Best known for its deeply discounted designer label products and home furnishing, which sell at 20 percent to 60 percent under the recommended retail price, TK Maxx has managed to maintain consumer appeal over the years, which has allowed its parent company TJX Companies to hold a strong position within the global off-price retailing market. Now the discount retailer behind the motto 'Big Labels, Small Prices,' hopes to make its big comeback in the Benelux this week, following its devastating exiting after suffering irreparable losses early 2000s.
But what are the chances of the retailer's success in the Dutch market this time round? Will TK Maxx be a big success in the Benelux this time round, or will it leave with its tail between its legs once more? FashionUnited takes a closer look at TJX’s growth in the US and Europe to see what its chances are winning over local shoppers 15 years after hasty exit. (No time to read the whole article? Click here for the 20 second version.)
TJX Companies is probably best known for TJ Maxx and Marshalls off-priced outlets in the US and TK Maxx discount chains throughout Europe. Over the past five years, TJX Companies has continued to grow at an impressive pace, managing an average growth of 7.5 percent in revenue per year. The discounter has seen its market value increase from 19.3 billion US dollars in 2011, when it was first listed in FashionUnited's Top 100 Index, to 51.2 billion US dollars as of today, maintaining an average yearly growth of 26.2 percent.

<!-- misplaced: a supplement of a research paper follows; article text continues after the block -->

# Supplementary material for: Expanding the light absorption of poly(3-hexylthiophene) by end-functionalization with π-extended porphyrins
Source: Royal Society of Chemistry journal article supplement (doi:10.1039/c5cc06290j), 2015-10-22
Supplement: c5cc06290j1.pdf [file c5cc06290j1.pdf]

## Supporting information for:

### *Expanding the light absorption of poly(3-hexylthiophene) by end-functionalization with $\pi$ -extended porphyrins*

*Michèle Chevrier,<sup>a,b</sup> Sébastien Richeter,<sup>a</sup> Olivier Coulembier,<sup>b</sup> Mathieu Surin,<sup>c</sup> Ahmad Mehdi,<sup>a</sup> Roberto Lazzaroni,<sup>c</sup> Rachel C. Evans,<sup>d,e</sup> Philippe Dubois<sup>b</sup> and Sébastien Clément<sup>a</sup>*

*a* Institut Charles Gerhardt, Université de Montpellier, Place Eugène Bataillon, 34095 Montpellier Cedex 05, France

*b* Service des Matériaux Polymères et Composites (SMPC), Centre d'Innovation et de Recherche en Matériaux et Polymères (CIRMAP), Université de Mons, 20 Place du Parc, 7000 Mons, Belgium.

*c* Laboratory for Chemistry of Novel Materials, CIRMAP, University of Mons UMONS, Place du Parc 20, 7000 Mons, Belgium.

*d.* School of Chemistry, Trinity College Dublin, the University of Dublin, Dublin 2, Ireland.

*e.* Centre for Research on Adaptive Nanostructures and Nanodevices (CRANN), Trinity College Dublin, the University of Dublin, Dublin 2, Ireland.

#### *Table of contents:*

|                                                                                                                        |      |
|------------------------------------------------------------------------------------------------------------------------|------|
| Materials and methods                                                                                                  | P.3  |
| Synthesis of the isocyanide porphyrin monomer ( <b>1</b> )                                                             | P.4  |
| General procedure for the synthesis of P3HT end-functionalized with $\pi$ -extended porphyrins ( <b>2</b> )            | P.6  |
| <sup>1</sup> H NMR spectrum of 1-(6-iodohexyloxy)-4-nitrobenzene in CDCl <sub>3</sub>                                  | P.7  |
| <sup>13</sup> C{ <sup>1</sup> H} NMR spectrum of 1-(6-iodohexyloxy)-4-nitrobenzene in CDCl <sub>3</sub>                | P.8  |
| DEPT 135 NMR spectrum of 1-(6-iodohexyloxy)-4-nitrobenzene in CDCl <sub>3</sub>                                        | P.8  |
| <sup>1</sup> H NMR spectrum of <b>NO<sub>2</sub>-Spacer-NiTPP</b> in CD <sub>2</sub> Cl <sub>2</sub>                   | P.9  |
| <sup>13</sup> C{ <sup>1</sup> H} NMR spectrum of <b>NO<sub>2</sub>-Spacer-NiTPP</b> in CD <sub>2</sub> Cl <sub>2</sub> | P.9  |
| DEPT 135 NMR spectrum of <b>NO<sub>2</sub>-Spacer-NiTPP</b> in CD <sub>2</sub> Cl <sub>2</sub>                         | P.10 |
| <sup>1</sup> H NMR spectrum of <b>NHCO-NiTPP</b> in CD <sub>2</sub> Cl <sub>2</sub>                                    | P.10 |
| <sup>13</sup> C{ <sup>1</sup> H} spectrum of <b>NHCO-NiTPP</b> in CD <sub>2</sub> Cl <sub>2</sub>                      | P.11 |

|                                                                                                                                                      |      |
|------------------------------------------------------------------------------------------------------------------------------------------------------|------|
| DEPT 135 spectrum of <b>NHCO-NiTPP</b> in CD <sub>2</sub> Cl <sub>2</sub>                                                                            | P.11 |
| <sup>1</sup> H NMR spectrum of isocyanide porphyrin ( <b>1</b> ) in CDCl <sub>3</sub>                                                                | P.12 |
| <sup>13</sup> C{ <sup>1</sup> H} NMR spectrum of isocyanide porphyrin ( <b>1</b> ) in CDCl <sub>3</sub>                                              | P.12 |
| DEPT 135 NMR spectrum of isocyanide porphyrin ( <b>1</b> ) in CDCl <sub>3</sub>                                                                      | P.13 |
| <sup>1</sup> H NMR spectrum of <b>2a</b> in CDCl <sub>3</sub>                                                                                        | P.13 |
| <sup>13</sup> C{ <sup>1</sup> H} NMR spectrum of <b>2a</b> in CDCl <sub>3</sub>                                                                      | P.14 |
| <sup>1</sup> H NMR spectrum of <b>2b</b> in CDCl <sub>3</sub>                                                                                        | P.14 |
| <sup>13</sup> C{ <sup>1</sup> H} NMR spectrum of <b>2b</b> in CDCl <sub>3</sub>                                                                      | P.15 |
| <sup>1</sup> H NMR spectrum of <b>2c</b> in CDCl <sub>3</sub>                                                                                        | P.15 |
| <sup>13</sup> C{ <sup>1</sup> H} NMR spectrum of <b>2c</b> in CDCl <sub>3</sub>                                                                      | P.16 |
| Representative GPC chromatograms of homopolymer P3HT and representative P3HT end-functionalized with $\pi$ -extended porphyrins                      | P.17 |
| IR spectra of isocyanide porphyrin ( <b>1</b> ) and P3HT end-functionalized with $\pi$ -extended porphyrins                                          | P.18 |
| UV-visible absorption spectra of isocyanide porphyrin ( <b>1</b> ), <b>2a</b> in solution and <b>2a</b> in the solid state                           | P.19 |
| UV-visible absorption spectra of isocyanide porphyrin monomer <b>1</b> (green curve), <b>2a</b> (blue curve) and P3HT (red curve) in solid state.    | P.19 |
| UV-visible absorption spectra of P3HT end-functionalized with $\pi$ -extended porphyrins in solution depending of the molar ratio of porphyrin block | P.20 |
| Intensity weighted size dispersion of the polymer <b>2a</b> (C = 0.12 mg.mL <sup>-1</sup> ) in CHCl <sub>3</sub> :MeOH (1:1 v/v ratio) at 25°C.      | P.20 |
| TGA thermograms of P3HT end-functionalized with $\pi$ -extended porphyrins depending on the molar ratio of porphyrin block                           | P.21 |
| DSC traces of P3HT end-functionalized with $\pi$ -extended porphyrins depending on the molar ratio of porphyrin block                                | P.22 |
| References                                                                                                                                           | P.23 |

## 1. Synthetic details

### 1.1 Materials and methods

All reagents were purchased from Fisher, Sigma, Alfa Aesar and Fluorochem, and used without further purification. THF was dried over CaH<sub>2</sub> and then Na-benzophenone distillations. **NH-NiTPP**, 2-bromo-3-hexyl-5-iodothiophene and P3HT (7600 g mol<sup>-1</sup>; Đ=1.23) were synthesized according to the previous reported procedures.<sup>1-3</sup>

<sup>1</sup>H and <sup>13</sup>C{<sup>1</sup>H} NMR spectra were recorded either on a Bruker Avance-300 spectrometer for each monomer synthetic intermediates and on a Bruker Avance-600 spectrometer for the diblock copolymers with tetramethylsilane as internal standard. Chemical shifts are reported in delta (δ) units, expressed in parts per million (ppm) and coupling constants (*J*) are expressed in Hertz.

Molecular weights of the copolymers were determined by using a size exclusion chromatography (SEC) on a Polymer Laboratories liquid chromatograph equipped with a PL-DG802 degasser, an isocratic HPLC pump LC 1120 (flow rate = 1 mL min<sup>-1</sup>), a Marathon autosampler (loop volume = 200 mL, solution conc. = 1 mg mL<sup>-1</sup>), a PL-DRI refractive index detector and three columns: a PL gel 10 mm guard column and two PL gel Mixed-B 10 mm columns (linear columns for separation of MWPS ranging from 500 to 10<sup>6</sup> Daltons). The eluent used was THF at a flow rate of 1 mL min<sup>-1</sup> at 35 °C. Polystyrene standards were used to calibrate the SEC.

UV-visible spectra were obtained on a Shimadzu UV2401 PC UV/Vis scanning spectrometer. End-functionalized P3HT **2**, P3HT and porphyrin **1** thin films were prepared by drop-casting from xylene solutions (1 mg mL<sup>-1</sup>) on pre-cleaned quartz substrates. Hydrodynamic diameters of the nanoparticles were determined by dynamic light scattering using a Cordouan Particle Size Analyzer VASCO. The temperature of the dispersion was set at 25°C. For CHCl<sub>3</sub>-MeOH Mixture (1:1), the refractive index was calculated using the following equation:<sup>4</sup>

Although the majority of TJX growth comes from the US and its HomeGoods division, its apparel sector has shown strong signs of growth. Revenue from Marmaxx (TJ Maxx and Marshalls) 2,100 stores increased 4.23 percent from 2014 to 18.7 billion US dollars in 2015, with average annual revenue per store coming in at a smooth 8.9 million US dollars - no easy feat for any retailer.
However, one area of TJX Companies which has shown remarkable room for growth is TJX Europe, the overseas branch of the US based company. With an average yearly growth of 13.2 percent, TJX Europe has seen its revenues increase from 2.5 billion US dollars in 2011 to 4.1 billion US dollars as of January, 2015. In addition, TJX Companies European stores have reported the best development in regards to growth in annual revenue per store, with an increase of 24 percent from 2011 to 9.3 million US dollars in 2015, thanks to their unique combinations of apparel, homeware and accessories.
But TJX also shows strong signs of development with its European fashion arm as well, with apparel sales accounting for 1.2 billion US dollars in January 2015. With 407 apparel stores in Europe, TJX benefited from 2.9 million US dollars of annual revenue per apparel store, proving to be a strong area for growth for the company. With TJX Europe poised to become an area of expansion for the US based discounter, what are the chances of TK Maxx making it big in a country it once flopped in?